Arabtec’s subcontractor, Nasdaq Dubai-listed interior fit-out giant Depa PLC (Depa), is awaiting clarity on the impact of Arabtec’s liquidation, being a material trading partner to Depa with a USD 22 million exposure. The company revealed that this would have a material impact on Depa’s financial performance and position. Depa’s management is implementing a group-wide transformation and restructuring programme and reiterated that it continues to pursue its pipeline of opportunities and deliver on its secured projects.

For subcontractors, the “best way to recover some portion of their monies on projects where the main contractor is being changed is to work directly with the developer and the new contractor,” said Sameer Lakhani, MD at Global Capital Partners. “There have been numerous instances where smaller developers have already done this and it has proven to be more expeditious for all parties to complete the projects and extinguish liabilities, allowing for under-construction projects to be made viable with the value preserved”.

On the other hand, this situation creates a promising market opportunity for construction companies wanting to enter the UAE market, as the absence of Arabtec removes a substantial amount of competition. Meanwhile suppliers connected to Arabtec would need time to recover their bad debts and may even have to raise external funding to meet current obligations. This gives other competing suppliers more access to developers and contractors entering the market whilst Arabtec’s suppliers struggle with debts."

Lenders face write-downs or rescheduling of debts

With Arabtec heading into liquidation, the availability of funds is emerging as the single largest threat to the Gulf’s low margin contracting industry. According to Gulf News (a leading UAE newspaper), “The reluctance by banks to lend for project finance has become obvious since August 2020, even on projects from reputed organisations with good track-records,” said the general manager at a leading contracting firm. "We just get calls from the concerned division saying they are not in a position to fund the project presently, without offering any reasons."

Ideally, banks put up the required financing instruments to match the funds advanced by the project promoter as well as to guarantee performance of the contractor, in addition to offering financing facilities such as letters of credit for procuring goods and monthly ‘progress invoice discounting'. The process is vital to get projects off the ground, and in its absence, it is likely that projects would get delayed and create uncertainties.

Banks in the UAE are suffering a rise in non-performing loans, which have negatively impacted the quality of their balance sheets and forced them to withdraw from lending to players in the construction sector. Arabtec’s lenders are said to have close to AED 2 billion (USD 544 million) of exposure in the form of loans, and it is estimated they hold another AED 8 billion of company exposure in the form of performance guarantees. Creditors and banks awaiting details of Arabtec’s liquidation face mounting uncertainty after talks to unwind the company stalled.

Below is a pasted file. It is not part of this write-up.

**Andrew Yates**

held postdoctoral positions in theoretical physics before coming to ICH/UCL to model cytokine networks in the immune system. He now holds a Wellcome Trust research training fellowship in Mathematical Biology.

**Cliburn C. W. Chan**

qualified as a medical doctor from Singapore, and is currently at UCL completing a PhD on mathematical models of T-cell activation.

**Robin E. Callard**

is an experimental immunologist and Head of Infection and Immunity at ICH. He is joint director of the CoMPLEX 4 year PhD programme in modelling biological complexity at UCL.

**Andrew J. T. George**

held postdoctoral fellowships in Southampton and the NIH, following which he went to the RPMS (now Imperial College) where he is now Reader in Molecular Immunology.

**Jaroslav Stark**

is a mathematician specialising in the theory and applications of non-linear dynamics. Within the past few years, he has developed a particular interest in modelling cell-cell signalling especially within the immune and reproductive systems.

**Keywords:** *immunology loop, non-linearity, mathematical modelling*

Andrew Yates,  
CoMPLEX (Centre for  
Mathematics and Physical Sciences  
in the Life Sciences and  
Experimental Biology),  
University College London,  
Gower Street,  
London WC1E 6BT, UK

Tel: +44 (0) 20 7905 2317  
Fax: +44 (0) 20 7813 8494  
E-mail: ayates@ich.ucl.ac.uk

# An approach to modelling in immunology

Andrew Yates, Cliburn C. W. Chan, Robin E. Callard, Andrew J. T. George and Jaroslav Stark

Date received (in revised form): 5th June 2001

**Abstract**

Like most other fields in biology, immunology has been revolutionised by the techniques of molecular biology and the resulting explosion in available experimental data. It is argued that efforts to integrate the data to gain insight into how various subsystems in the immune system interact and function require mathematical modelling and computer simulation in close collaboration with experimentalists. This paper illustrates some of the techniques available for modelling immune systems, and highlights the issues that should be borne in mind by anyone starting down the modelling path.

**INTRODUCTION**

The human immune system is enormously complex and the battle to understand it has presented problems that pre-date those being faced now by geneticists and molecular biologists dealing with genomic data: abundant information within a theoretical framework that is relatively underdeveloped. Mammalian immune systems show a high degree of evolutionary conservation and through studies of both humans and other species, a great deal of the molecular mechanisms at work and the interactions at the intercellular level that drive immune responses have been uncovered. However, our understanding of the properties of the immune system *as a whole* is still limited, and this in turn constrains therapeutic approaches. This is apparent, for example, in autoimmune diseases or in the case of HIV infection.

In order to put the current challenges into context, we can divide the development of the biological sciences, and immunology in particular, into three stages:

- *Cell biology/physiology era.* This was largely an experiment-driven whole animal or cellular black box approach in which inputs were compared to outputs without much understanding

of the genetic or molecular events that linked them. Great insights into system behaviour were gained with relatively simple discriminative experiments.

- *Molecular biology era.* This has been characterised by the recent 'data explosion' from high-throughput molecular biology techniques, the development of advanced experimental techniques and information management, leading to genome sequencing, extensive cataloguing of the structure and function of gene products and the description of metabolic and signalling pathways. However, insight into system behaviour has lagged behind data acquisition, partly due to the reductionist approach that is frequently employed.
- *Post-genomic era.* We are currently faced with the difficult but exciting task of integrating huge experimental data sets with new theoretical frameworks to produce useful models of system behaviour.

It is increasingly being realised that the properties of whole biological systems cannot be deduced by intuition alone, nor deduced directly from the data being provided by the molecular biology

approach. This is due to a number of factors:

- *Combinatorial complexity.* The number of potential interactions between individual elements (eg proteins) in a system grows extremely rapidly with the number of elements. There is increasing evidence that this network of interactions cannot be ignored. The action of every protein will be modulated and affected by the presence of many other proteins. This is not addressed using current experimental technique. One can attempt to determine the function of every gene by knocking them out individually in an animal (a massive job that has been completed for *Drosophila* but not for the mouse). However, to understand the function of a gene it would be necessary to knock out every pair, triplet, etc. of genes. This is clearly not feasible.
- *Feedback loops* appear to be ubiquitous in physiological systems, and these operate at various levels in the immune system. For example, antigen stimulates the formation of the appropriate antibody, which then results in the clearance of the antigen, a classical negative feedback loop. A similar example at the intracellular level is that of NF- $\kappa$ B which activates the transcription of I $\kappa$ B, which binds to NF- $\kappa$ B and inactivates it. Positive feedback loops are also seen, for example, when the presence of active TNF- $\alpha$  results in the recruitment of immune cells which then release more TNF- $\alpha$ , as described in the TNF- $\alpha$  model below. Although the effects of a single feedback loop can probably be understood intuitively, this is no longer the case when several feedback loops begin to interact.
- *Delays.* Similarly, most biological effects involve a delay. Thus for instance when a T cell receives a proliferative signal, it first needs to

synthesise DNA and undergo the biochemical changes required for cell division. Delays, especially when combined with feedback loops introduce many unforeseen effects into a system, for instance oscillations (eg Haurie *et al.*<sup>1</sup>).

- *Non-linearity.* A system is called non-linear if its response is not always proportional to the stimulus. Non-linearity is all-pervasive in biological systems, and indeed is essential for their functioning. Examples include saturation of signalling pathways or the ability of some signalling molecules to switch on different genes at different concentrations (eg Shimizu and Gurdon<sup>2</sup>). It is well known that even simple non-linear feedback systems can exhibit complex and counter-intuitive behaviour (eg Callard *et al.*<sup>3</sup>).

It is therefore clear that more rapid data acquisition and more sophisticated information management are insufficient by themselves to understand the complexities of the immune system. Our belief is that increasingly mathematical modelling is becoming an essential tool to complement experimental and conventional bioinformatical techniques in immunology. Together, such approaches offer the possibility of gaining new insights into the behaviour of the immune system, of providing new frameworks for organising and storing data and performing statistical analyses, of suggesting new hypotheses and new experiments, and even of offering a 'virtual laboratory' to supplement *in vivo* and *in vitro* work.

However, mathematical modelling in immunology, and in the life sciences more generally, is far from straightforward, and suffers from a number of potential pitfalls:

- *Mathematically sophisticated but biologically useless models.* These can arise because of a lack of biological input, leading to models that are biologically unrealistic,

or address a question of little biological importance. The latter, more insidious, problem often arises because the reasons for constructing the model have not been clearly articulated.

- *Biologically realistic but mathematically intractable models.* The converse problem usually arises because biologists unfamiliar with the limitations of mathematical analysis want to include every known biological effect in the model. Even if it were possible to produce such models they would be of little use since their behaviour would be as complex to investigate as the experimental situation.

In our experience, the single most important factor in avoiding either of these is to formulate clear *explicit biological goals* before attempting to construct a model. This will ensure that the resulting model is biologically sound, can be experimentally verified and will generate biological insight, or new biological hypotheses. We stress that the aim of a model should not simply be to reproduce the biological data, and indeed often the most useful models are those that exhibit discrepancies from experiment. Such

The liquidation has had a domino effect on its peers as several UAE companies have sought to extend debt maturities or agree to better terms in recent years to avoid defaults. For example, another Dubai-listed construction firm and Arabtec’s peer, Drake & Scull DSI.DU, is working under the UAE bankruptcy law to reach an agreement with its creditors in an out-of-court process.

New regulations introduced

The new Dubai Building Code was approved just days after the collapse of Arabtec. The new code seeks to reduce construction costs by streamlining building rules in addition to creating a unified set of standards for construction that promotes sustainable development and innovation in building design. This creates a uniform, easy process for all players throughout the construction industry value chain – from owners and investors to developers and contractors – to obtain approval from Dubai authorities such as licensing agencies and other relevant departments.

Double blow to GCC construction industry

Despite weathering a number of storms like the events and aftermath of 9/11, the real estate crash of 2008/09, and the halving of oil prices in 2014, the construction industry report by Deloitte claims that nothing has come close to the current crisis led by the double impact from the COVID-19 pandemic and collapsing oil prices. The value of construction contracts awarded in the UAE during 2020 stood at the lowest in the past five years after reaching a peak in 2015. According to industry reports, more than 550 projects, worth over USD 60 billion have been suspended or delayed since March 2020 across the GCC.

Source: MEED Projects

Although the UAE remains the most active market, with USD 10 billion of awards up to November 2020, it is the worst-performing market with a 61% YoY decline compared with 2019 (USD 26 billion). The UAE also completed the most amount of work in 2020, compared to other GCC countries. By the end of November 2020, the UAE had completed USD 29 billion worth of construction work (which was only a 6% YoY drop compared to the USD 31 billion worth of work completed in 2019), despite the operational disruptions caused by COVID-19. Meanwhile, Saudi Arabia completed only USD 12 billion worth of contracts during the same period.

As a result, MEED estimates that the UAE market would have contracted by USD 18 billion from January to the end of November 2020, a significant increase from the USD 6 billion shrink recorded in 2019. S&P ratings reported in March 2020 that real estate developers could record lower margins and more payment defaults given the negative macroeconomic outlook.

Low margin contractors squeezed more for survival

Apart from the negative effects of COVID-19, the low margins in the construction industry are the underlying problem. The engrained culture of bidding extremely low prices to obtain work, leaves contractors with very little margins in the case of unforeseen events.

This low-price bidding strategy seen across the market, places pressure on key parts of the supply chain, causing instability and unreliability, particularly financial, on resources and overseas procurement. Contractors’ general lack of accounting and financing knowledge further complicates their ability to secure financing during economic downturns. The infamous ‘need to borrow’, generally with no clear structure, has taken down many contractors during such difficult cycles.